By Eric Schaefer
By New Times
By Rachel Miller
By Eric Schaefer
By Heather Hoch and Lauren Saria
By Robrt L. Pela
By Heather Hoch
By New Times
The exposed ductwork snaking its way through the cavernous main and side rooms, for instance, owes less to high-tech artifice than it does to simple necessity. There's a lot of bare wall space to stare at, too, intermittently enlivened by a carved head, hanging serapes and artificial plants.
If this restaurant were in Scottsdale, the lighting would be called "subdued." Here, it's simply low wattage, but it adds to the charm. El Maya looks like the kind of place that would attract Bogart and his fellow prospectors in The Treasure of the Sierra Madre.
The food mimics the decor: It's pretty basic and completely unpretentious. But it's also solid, hearty and cheap.
6840 N. 35th Ave.
Phoenix, AZ 85017-1037
Region: West Phoenix
We proved Ambrose Bierce's point that experience is nothing more than the repetition of past follies by again wolfing down nachos and margaritas. El Maya's nachos are as stripped down as a bottom-of-the-line Yugo: fresh chips glued together with cheese, moistened with thin, hot salsa constantly replenished by an on-the-ball busboy. Perhaps there's some clinic to help addicts break the take-a-sip-of-margarita, munch-a-handful-of-nachos cycle. Only I'm not sure I'm want to be cured yet.
Unlike Casa Carmen, dinners here come with soup or salad. The cup of alb¢ndigas soup featured rice, onion, carrot, cilantro and a squishy meatball in flavorful tomato broth. The salad, a cold plate of iceberg lettuce in a puddle of bottled dressing, should have been turned back at the border.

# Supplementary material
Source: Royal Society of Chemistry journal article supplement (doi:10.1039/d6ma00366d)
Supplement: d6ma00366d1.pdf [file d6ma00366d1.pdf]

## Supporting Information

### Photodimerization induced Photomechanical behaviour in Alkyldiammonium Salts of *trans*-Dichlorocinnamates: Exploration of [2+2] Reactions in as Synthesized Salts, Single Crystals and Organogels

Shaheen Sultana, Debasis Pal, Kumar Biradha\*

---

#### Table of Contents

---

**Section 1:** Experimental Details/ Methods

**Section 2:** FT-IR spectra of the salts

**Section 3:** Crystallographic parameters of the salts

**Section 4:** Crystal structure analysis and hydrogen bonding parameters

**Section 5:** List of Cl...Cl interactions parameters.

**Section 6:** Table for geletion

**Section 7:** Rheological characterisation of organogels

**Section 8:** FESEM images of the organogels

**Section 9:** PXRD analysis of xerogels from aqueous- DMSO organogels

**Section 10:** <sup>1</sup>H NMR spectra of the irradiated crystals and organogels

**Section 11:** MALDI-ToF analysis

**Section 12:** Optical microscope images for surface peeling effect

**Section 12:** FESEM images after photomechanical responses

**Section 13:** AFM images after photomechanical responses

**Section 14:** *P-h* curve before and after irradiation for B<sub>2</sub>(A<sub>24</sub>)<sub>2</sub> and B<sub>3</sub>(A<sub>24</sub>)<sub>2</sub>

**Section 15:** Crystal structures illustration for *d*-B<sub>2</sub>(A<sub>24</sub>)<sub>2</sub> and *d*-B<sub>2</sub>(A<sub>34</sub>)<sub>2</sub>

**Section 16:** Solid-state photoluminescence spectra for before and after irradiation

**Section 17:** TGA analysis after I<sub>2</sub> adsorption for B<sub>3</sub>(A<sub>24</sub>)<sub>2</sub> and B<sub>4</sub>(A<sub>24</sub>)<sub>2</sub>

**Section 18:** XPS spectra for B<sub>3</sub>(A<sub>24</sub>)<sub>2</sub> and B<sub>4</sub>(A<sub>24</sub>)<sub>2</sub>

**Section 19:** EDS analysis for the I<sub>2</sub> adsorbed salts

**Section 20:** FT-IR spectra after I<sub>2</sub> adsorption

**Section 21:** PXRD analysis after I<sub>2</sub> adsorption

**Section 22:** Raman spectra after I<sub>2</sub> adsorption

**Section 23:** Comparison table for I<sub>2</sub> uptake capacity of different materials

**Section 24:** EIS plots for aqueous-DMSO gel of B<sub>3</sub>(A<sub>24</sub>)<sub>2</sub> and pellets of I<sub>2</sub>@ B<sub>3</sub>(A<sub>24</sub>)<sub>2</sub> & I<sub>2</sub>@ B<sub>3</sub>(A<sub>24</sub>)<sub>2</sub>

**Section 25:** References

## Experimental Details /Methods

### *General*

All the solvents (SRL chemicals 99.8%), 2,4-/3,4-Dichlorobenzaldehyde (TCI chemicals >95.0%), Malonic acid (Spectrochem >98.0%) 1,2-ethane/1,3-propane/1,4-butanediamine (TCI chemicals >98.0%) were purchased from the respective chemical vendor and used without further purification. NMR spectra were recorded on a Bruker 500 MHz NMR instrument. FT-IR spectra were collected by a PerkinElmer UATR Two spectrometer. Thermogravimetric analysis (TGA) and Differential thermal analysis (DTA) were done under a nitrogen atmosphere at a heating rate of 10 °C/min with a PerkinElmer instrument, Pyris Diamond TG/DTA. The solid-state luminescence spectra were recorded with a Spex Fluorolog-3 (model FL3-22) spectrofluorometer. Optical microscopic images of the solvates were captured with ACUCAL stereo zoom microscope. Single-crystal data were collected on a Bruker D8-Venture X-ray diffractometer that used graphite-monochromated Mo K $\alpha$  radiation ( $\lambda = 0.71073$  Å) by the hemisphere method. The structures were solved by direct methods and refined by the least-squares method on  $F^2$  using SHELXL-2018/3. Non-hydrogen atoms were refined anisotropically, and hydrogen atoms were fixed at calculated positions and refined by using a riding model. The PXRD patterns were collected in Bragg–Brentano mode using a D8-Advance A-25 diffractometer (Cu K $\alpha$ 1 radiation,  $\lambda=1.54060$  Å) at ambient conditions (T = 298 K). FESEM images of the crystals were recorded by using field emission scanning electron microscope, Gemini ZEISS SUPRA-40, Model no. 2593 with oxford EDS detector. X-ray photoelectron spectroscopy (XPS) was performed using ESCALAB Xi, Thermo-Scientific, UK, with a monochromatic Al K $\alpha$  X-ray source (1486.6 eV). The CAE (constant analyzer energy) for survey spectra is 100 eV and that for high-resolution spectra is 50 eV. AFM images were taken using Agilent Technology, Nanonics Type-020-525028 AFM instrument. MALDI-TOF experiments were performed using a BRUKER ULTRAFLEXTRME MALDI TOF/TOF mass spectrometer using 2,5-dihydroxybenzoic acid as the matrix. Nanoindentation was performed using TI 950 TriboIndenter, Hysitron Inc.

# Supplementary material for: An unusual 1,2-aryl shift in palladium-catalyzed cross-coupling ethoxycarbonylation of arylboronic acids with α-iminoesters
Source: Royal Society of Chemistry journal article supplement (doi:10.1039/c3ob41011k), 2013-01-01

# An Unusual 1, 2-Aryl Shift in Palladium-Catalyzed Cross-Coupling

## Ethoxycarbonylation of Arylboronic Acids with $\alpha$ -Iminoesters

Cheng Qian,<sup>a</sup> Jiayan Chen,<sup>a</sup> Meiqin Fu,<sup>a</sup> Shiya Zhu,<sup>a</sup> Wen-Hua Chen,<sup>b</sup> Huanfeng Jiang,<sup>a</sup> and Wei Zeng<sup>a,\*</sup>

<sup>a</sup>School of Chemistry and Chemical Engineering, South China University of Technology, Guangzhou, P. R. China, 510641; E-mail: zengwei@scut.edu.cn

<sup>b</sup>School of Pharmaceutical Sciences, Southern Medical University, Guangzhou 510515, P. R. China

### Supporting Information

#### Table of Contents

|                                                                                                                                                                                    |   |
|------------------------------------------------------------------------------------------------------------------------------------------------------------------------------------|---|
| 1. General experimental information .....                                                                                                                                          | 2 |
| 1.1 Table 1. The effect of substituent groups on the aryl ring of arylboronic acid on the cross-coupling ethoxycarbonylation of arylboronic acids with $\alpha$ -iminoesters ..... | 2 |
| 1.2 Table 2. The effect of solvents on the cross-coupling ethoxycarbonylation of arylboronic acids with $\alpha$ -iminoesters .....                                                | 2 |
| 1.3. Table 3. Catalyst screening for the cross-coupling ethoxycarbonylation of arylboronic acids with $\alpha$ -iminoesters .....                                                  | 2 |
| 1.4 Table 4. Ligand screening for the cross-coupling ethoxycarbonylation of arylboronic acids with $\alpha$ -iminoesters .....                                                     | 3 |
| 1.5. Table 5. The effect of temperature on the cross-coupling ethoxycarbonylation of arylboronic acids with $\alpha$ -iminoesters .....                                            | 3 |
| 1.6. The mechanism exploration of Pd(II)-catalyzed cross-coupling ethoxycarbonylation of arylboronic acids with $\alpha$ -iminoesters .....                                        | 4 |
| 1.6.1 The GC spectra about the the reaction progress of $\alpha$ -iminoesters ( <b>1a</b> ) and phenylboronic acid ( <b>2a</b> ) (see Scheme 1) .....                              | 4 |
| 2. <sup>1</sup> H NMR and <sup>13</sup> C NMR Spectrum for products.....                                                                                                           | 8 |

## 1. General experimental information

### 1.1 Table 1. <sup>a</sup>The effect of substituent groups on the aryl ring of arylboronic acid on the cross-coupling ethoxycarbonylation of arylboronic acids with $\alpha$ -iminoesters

El Maya's menu tiptoes a bit beyond the usual fare. It temptingly offers chicken mole, for example. Unfortunately, the dish is apparently easier to print up than prepare, because it wasn't available the night we were there.
However, the kitchen could turn out Mexican-style halibut, and did it surprisingly well. The good-size slab of fish came grilled to flaky perfection, slathered with a tomato and chile salsa. Accompanied by some tasty short-grain Mexican rice, it's a good choice for those who can't face too much lard-laden Sonoran fare.
So is the fajitas platter, a dish that tasted a lot better than it looked. As at Casa Carmen, a large plate, not a sizzling gringo skillet, bore the insipid-looking mix of chicken and beef, onions, green pepper and tomato wedges. But the meat was pleasingly tender with a crispy grilled edge. And a terrific side of guacamole perked everything up.
El Maya does a creditable job, too, with the usual suspects of Mexican restaurants. The placemat boasts about the homemade tamales, and with reason. I adore green corn tamales, and the soft and spongy specimen here has a powerful corn fragrance. Equally good was the cheese enchilada--crisply cooked, and zipped up with lots of green onion.
The chile relleno, though, seemed strictly routine. A mild Anaheim chile came buried in tons of cheese and dipped in enough egg to make a Denver omelet. It's gloppy and tasteless, a combination likely to inspire diners to make a run from the border.
No matter how stuffed, I can always manage to down some flan for dessert. Consuming El Maya's version was more a pleasure than a duty. It's smooth-textured and incredibly sweet, wonderful with strong coffee.
But no coffee could rescue the dense, fruit-stuffed, over-the-hill sopaipilla. It's as big as a discus, and about as appetizing. And the unpleasantness is compounded by a mountain of off-putting whipped cream.
Sometimes, the comforting security of familiar food is just the boost you need to escape the holiday blahs. El Maya's worth a shot. After all, it's cheaper than therapy, and considerably more filling.